Laraway School wins national Brick in Architecture Award
Unanticipated materials swap and unconventional brick arrangement at Laraway School lead to Brick Industry Association award for excellence in design
Laraway School (Joliet, IL), like many schools, is a long, horizontal brick building. However, a closer look at the preK-8 school’s brick walls reveals something uncommon: whereas most schools have horizontal bricks, Laraway’s bricks are vertical . . . or at least they appear to be.
It was its striking (and cost-effective) use of brick that earned the 119,000-square-foot facility, designed by Legat Architects, a Bronze award from the 2019 Brick in Architecture Awards. The program, sponsored by the Brick Industry Association, is the nation’s most prestigious competition focused on genuine clay brick. And with more than 120 submissions, this year’s competition was particularly fierce.
Ironically, the original design for Laraway School did not include brick . . .
From Concrete to Brick
In the initial design, the Legat team specified precast concrete for Laraway School’s exterior walls. Construction was all set to start, then the marketplace demand for precast peaked.
Rob Wroble, project manager with Legat, said, “the concern was that precasters were so busy with other projects that they wouldn’t be able to meet our schedule.”
Wroble and his team worked with Illinois Brick Company to convert the original precast design to masonry. The swap not only enabled the project to finish on time, but also allowed the team to pay tribute to the City of Joliet’s farming heritage.
The Impression of Verticality
Already, the concept of farming had influenced the design. For instance, the tall classroom windows with green metal returns create a vertical feel reminiscent of rows of corn.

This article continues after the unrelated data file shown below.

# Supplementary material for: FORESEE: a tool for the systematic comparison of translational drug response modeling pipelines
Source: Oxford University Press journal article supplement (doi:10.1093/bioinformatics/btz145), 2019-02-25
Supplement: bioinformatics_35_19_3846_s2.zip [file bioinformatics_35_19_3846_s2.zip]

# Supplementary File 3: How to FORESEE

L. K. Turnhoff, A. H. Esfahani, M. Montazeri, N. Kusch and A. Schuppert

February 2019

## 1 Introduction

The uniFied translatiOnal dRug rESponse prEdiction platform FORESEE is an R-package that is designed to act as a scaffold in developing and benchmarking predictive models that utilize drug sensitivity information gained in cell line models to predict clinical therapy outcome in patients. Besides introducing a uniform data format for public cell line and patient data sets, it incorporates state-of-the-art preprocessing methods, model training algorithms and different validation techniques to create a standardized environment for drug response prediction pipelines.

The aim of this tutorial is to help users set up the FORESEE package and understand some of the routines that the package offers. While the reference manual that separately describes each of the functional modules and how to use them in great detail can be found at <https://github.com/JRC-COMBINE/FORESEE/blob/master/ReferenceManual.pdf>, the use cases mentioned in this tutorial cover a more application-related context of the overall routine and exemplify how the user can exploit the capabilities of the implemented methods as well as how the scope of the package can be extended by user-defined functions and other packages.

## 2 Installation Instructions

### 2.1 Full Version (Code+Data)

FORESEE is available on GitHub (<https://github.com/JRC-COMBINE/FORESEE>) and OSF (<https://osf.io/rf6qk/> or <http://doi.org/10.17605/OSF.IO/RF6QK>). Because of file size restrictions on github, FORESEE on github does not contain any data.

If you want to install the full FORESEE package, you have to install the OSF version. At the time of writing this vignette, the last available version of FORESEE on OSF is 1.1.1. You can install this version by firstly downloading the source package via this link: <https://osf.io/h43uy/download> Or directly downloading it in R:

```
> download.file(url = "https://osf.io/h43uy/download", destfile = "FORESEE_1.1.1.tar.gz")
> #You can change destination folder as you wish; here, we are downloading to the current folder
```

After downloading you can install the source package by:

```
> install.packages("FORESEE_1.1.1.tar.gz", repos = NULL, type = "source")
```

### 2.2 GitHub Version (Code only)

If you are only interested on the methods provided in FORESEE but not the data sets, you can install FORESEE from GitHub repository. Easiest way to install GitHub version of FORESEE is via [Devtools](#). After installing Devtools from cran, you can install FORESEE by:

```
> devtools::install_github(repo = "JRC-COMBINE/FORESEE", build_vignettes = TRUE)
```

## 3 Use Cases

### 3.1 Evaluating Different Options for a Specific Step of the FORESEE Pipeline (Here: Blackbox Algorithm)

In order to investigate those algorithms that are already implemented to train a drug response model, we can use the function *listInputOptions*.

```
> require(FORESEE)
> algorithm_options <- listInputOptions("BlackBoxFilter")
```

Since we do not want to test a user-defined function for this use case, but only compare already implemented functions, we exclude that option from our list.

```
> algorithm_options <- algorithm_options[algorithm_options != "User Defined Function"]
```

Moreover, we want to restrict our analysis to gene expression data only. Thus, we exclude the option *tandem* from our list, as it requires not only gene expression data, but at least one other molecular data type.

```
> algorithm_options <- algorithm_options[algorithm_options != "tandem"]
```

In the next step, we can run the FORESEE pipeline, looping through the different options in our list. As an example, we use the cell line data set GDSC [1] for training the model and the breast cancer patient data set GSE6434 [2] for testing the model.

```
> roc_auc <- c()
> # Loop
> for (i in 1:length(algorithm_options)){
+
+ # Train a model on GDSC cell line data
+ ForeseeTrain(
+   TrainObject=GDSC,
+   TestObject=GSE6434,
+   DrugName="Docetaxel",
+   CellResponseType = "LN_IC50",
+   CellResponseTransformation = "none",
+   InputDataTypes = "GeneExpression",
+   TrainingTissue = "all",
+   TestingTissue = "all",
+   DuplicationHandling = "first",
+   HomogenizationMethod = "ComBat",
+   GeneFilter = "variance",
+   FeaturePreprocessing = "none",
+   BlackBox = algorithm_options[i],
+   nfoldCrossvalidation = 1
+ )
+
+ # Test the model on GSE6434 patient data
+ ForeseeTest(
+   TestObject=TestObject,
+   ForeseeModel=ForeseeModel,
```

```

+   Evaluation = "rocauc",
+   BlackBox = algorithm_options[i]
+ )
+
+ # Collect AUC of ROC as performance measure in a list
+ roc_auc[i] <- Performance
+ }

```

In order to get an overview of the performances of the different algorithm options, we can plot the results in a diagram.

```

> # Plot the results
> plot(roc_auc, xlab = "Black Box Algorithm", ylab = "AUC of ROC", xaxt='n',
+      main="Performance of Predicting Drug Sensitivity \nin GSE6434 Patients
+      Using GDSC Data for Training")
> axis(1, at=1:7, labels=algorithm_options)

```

When he learned about the switch to masonry, design team member Bryan Archibald saw an opportunity to further reinforce that verticality with the bricks . . . by positioning them vertically.
Wroble, concerned about the structural viability of this move, brought the issue to Endicott Clay Products, which offered a solution: use eight-inch by eight-inch bricks with false joints. Thus, what looks like two or three vertical bricks is actually one square brick—this offered both the vertical feel and the structural strength. According to Wroble, the eight by eight pattern also enabled the design team to “turn the corners” more efficiently and affordably.
The graphic above illustrates the three types of brick modules that were created for Laraway School. To ensure randomness in the placement, Endicott randomly sorted the bricks as they came out of the kiln.
Initially, the design team considered putting mortar in the fake joints, but ultimately opted against it to save costs. “It turned out to be a good decision,” said Wroble. “The real mortar between the square units matches the color of the bricks, so the dark shadow created by the fake lines really shows well. What you see is the randomness of the false joints, not the regularity of the real ones.”
The building’s base has two “soldier courses” of dark gray bricks, meaning the bricks are standing up vertically. The darker color creates a transition between the land and the building.
Jewel of the Community
The use of brick at Laraway School also proves useful in terms of its surroundings. Not only does the material complement many homes in surrounding neighborhoods, but it also sets the school apart from nearby industrial buildings.
“During planning, we asked that it not look like a warehouse,” said Laraway Community Consolidate School District 70C Board Vice President Saul Brass. “We have a masonry exterior, unlike the preformed concrete that many of the buildings surrounding us have. It’s going to be a jewel of the community.”
Wroble said that he has always liked brick for its durability, warmth, and familiarity. “If you come across one white warehouse after another, then see this rich, textured wall, it’s inviting.”
Brick Manufacturer: Endicott Clay Products
Brick Distributor: Illinois Brick Company
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